Crossville Chronicle, Crossville, TN


June 23, 2014

Stumptalk: Whose war is it now?

CROSSVILLE — During the 2004 Presidential campaign Democratic Party nominee John Kerry referred to Vietnam as “Nixon’s war.” At first I thought calling Vietnam Nixon’s war a mistake because the first escalation of U.S. involvement in Vietnam began with John F. Kennedy when he increased U.S. military advisors in South Vietnam to 18,000, then continued after his death with Lyndon Johnson’s increase to 550,000 full combat troops. Vietnam had then become Johnson’s war. When Nixon took office in January 1969, Johnson’s war had gone on since 1965. However, it took Nixon until 1973 to remove all U.S. troops, which, as the rule in politics usually operates, made Vietnam Nixon’s war.

Almost every president inherits the problems or messes of his predecessor. If not quickly resolved, the previous president’s problems become his. Not fair perhaps, but that’s the way politics operates, especially when the problems get worse. The ignominious end of Nixon’s war in 1975 (by that time Gerald Ford was president) is still firmly etched in the minds of those alive at the time: a U.S. Army Huey helicopter evacuating people from the roof of the U.S. Embassy in Saigon.

Other presidents are more fortunate. President Harry Truman inherited World War II from Franklin Roosevelt in 1945, but the war ended that same year. But then he created his own war when he sent U.S. troops to Korea in 1950. As Lyndon Johnson did later in 1968, Truman declined to run for a second term in 1952; widespread dissatisfaction with their wars was the reason. 

President Eisenhower took office in 1953 while war on the Korean Peninsula continued. Fortunately for Eisenhower, the Korean Armistice was signed that year allowing Eisenhower to concentrate on other things for the rest of his administration. Truman’s war never became Eisenhower’s.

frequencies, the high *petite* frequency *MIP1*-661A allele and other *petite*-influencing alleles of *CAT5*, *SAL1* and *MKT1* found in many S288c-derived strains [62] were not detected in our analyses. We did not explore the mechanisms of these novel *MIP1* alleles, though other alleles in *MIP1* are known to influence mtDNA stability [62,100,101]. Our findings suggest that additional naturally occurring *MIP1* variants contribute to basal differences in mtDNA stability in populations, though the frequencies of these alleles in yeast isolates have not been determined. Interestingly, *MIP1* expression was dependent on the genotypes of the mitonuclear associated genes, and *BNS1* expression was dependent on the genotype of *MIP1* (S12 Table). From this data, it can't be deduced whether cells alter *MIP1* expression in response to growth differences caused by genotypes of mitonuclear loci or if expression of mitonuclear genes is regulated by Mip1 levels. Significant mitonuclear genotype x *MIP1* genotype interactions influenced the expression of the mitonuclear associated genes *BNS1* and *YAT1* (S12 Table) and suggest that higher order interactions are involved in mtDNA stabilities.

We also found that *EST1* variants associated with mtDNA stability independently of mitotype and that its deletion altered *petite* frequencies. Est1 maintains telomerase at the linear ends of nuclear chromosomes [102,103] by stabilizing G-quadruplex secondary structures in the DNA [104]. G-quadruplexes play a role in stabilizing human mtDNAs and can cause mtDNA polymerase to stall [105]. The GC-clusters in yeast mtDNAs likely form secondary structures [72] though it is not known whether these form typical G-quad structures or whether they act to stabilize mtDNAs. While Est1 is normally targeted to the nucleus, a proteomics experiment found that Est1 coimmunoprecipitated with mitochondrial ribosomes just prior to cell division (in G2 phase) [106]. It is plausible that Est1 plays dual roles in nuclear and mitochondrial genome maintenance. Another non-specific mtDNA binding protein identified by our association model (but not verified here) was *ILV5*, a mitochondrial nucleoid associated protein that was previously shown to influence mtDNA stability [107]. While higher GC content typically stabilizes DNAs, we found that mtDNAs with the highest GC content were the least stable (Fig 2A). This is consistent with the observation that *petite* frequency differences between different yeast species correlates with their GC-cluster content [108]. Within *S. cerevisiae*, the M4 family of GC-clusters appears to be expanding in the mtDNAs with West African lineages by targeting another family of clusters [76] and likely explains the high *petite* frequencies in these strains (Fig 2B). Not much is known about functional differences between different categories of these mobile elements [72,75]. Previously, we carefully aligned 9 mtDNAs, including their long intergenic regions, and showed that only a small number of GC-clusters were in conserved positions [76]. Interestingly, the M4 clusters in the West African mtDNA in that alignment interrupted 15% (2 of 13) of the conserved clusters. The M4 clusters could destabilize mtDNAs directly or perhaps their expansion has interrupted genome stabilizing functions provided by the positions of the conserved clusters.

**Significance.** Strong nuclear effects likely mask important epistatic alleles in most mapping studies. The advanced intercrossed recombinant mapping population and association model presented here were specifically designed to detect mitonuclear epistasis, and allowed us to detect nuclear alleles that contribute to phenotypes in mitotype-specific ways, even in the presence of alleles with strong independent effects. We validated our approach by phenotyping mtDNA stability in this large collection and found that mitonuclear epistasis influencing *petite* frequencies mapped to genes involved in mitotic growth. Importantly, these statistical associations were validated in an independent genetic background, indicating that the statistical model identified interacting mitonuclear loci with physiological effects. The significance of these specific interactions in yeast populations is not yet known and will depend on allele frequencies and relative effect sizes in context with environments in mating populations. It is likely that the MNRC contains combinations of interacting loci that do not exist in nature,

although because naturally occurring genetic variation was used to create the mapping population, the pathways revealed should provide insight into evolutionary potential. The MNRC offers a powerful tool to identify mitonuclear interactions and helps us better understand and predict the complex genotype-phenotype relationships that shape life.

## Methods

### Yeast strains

The wars in Afghanistan and Iraq clearly belonged to President George W. Bush. But for some time now — the current President has been in office since 2009 — the wars have become the sole property of President Obama. As Iraq disintegrates into political chaos, in the minds of the general public much blame will unfairly descend upon the current president.

As readers of my columns know, I have never agreed with much of anything the current president has done, but he inherited a Bush-created Middle Eastern foreign policy mess that any president would have difficulty managing and untangling. Anticipating this, in 2003 I wrote a letter to the Chronicle opposing the impending Iraqi intervention, for which I was severely criticized by an enthusiastic President Bush supporter, the implication being that I did not realize that “freedom is not free” and did not know who “had my back.” In other words, I was unpatriotic. Nonetheless, based on failed American post-World War II military interventions, and especially the Vietnam debacle, I knew that President’s Bush’s naïve political objectives would never be achieved and would create more problems than they would solve.

President Bush’s intervention in Afghanistan and Iraq followed a Wilsonian model of liberal internationalism, adopted by both political parties, that has dominated 20th and now 21st century foreign policy. After Vietnam one would have thought that leaders had finally learned something, but they hadn’t. 

They should have heeded the wise words of John Quincy Adams in his 1821 Independence Day Speech: “Wherever the standard of freedom and independence has been or shall be unfurled, there will her (America’s) heart, her benedictions, and her prayers be. But she goes not abroad in search of monsters to destroy. She is the well-wisher to the freedom and independence of all. She is the champion and vindicator only of her own.” Further on he says this, “… by once enlisting under other banners than her own, were they even banners of foreign independence, she would involve herself beyond the power of extrication ….” That is exactly what has happened in Afghanistan and Iraq, and by the way in other places around the world including Europe and Korea. America still has military forces all over the world, which in the opinions of many military and foreign policy experts much smarter than I, more often weaken rather than strengthen U.S. national security. Contemporary neocons would probably call Adams an isolationist, but history has shown the wisdom of his warning.

Intervention into the problems of other nations, no matter how noble the motives, frequently ends badly. Whose war is it now? It belongs to President Obama. He should have withdrawn from Afghanistan and Iraq immediately. (And incidentally, should have immediately closed the Guantanamo Bay detention center.) He would have caught a lot of heat then, but that would have been long forgotten by now.          


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